How Long Does it Take for Most New Businesses to Make a Profit?

While it's possible your new business will be an instant cash machine, several business publications recommend having enough money lined up to support your company and yourself for six months. In most cases, Kiplinger magazine states, that's the soonest you'll make enough profit to pay yourself a salary, so be prepared. Careful financial analysis can give you a better idea of how long it will take before you're in the black.

Break-Even Analysis

Break even analysis is a method for determining the profitability of your proposed business. Draw up estimates of your fixed costs, such as office space, utilities and insurance; revenue from selling goods or services; and the gross profit on each sale after subtracting sales costs. Divide the gross profit by the total sale price and you get the gross profit percentage. Then divide the gross profit percentage into the fixed costs.


If your fixed costs are $5,000 a month and your profit percentage is 25 percent, for example, divide .25 into $5,000 and you get a $20,000 break-even point. That means that your business breaks even and covers its costs when you achieve $20,000 a month in sales revenue. It will become profitable when you make more than that. If your business plan shows you exceeding $20,000 five months after opening, that's when you'll start turning a profit.


If your timeline shows you won't attain profitability before your savings run out, adjust your business plan. You can increase your sale price, trim your fixed costs -- fewer employees for instance -- or find a way to lower the costs of goods or service, such as buying cheaper supplies. Each of these choices can hurt your business as well as help it, so think carefully about which option will work best for you.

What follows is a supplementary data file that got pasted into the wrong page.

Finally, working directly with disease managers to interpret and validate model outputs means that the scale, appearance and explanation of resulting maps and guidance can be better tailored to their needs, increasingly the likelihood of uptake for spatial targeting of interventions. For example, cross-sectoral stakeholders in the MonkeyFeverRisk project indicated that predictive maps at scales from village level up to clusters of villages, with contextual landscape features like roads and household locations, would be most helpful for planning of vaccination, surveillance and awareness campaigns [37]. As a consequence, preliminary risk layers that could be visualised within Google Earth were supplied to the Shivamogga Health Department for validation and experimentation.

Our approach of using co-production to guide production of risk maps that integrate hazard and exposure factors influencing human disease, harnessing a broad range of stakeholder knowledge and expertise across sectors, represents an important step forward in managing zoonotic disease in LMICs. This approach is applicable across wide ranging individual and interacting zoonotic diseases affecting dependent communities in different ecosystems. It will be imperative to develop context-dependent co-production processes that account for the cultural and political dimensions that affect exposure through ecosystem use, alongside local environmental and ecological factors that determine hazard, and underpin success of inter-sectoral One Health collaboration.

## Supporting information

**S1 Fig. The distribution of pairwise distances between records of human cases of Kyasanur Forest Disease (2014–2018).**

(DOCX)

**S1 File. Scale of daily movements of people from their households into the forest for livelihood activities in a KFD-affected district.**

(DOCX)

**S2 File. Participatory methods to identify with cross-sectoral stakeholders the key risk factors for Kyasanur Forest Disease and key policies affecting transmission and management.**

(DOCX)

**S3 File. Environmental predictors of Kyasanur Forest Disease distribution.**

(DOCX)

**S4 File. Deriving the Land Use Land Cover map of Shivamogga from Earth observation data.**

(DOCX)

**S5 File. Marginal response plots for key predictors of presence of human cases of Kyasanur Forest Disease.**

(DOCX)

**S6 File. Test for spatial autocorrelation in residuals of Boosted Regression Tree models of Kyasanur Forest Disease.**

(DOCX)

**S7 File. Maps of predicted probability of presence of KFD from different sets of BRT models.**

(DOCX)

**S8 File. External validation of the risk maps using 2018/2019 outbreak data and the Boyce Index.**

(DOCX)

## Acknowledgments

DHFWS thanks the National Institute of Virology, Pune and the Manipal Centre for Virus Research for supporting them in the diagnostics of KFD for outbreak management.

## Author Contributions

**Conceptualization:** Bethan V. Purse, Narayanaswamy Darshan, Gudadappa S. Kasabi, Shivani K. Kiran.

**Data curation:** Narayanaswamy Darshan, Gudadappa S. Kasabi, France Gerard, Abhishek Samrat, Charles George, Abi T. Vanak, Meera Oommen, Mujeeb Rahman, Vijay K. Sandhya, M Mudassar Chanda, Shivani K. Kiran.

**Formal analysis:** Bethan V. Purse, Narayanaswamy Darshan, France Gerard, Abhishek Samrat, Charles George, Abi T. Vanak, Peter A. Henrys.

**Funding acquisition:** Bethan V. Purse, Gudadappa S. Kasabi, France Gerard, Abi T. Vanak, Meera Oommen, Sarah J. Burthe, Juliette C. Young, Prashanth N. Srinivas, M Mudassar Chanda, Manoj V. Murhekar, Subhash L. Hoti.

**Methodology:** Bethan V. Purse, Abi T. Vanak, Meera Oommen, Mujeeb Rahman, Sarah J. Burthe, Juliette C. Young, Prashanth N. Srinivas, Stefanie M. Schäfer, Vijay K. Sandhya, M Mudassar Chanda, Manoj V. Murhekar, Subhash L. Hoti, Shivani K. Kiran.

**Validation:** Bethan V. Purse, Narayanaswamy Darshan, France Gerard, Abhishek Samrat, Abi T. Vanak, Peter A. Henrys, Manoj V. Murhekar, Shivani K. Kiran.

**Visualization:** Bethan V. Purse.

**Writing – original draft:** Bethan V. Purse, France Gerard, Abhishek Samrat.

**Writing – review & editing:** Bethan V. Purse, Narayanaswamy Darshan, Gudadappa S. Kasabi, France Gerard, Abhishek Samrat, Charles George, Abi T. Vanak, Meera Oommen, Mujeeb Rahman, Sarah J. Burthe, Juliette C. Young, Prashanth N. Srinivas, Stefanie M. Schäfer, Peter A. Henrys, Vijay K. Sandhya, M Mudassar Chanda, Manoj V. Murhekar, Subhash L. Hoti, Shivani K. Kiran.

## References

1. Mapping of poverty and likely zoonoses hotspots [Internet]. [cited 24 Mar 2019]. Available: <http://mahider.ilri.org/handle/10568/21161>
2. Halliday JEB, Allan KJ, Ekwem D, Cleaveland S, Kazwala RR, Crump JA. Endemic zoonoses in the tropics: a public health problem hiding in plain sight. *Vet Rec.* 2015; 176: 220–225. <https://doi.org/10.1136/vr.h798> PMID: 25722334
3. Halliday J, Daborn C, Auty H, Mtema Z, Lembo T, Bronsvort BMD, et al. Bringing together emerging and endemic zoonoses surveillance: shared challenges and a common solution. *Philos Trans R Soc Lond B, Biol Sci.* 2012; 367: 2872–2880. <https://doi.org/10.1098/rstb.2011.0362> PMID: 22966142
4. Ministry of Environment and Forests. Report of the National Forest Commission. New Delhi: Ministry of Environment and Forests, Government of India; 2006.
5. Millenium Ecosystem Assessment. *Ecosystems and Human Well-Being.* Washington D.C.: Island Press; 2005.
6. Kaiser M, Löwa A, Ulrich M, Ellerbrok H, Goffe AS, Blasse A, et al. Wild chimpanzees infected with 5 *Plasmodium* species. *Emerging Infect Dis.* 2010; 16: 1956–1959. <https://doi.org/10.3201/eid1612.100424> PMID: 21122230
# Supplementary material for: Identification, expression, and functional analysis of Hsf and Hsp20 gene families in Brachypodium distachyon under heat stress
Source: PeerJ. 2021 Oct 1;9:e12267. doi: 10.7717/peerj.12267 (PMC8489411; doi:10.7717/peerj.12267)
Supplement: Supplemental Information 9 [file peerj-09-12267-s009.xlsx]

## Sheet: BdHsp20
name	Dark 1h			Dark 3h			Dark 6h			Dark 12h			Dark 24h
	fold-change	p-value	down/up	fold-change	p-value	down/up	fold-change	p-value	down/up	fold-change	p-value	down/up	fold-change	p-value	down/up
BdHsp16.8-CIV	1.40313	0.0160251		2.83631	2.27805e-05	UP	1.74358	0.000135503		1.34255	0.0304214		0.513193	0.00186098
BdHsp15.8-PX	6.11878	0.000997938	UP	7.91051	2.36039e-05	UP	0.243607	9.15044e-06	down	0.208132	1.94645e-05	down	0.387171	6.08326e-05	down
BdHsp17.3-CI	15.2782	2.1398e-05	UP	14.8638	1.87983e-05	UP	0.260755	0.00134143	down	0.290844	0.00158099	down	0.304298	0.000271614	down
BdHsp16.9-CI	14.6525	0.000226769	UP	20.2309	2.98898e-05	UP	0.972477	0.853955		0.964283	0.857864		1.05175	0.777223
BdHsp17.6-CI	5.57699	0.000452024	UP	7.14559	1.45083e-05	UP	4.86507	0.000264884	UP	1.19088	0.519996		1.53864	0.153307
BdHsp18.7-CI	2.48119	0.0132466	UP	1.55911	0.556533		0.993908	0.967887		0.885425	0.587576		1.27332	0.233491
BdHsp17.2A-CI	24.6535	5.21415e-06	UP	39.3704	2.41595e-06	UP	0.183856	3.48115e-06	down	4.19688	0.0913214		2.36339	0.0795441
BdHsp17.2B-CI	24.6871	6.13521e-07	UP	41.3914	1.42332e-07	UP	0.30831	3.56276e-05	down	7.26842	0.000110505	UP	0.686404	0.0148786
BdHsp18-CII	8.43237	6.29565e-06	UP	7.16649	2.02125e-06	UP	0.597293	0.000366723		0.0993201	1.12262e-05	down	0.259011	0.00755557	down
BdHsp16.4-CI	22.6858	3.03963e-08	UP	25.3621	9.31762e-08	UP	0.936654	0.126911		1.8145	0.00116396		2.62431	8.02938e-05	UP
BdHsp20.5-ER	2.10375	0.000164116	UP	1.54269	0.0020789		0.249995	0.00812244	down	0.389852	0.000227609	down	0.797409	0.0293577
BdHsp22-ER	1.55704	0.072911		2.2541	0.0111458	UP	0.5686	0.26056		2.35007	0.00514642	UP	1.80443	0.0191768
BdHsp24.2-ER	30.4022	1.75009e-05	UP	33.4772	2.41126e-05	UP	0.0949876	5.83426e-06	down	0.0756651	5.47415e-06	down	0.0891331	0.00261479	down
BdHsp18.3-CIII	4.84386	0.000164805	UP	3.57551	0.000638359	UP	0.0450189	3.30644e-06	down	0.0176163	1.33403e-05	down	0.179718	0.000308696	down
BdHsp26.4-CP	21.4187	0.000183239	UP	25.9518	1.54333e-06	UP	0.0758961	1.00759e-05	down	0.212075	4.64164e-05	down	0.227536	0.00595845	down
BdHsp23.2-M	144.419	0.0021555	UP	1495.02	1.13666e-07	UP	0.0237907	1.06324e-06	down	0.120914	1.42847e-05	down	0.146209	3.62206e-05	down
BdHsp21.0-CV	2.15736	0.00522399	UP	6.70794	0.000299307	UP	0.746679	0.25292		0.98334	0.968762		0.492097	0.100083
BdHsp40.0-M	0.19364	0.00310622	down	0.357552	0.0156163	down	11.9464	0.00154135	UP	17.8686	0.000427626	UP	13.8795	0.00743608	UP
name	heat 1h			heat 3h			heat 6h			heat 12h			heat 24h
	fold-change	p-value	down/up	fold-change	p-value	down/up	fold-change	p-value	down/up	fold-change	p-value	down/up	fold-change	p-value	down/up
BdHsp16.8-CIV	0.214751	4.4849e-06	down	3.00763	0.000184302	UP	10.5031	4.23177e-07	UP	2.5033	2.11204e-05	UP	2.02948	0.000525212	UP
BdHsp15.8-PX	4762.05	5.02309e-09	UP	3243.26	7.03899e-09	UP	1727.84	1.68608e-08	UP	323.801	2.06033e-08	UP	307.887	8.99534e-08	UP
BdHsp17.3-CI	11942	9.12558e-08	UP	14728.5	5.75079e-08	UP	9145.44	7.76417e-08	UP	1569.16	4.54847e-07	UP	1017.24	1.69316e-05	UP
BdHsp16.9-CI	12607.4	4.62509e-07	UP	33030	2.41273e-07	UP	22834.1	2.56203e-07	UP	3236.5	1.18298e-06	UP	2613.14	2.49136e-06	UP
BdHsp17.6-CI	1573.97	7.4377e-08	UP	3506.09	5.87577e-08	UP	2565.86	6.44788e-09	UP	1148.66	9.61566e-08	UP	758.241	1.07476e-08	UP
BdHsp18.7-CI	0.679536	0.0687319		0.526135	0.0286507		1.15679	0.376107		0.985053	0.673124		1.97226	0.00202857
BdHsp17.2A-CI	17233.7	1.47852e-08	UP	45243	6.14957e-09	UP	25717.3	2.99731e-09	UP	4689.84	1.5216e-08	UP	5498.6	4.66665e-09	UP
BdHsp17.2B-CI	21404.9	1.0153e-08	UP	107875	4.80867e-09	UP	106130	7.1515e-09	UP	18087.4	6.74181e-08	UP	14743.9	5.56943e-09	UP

If you don't think your business can survive until you reach the break-even point, look for financing. Putting your own money on the line will allow you to retain the most control of the company. Family and friends may also be a good option, but you should treat it as a business deal, not a personal loan. Sign documents, work out the terms and make sure they know how long it will be before you can pay them back.



About the Author

A graduate of Oberlin College, Fraser Sherman began writing in 1981. Since then he's researched and written newspaper and magazine stories on city government, court cases, business, real estate and finance, the uses of new technologies and film history. Sherman has worked for more than a decade as a newspaper reporter, and his magazine articles have been published in "Newsweek," "Air & Space," "Backpacker" and "Boys' Life." Sherman is also the author of three film reference books, with a fourth currently under way.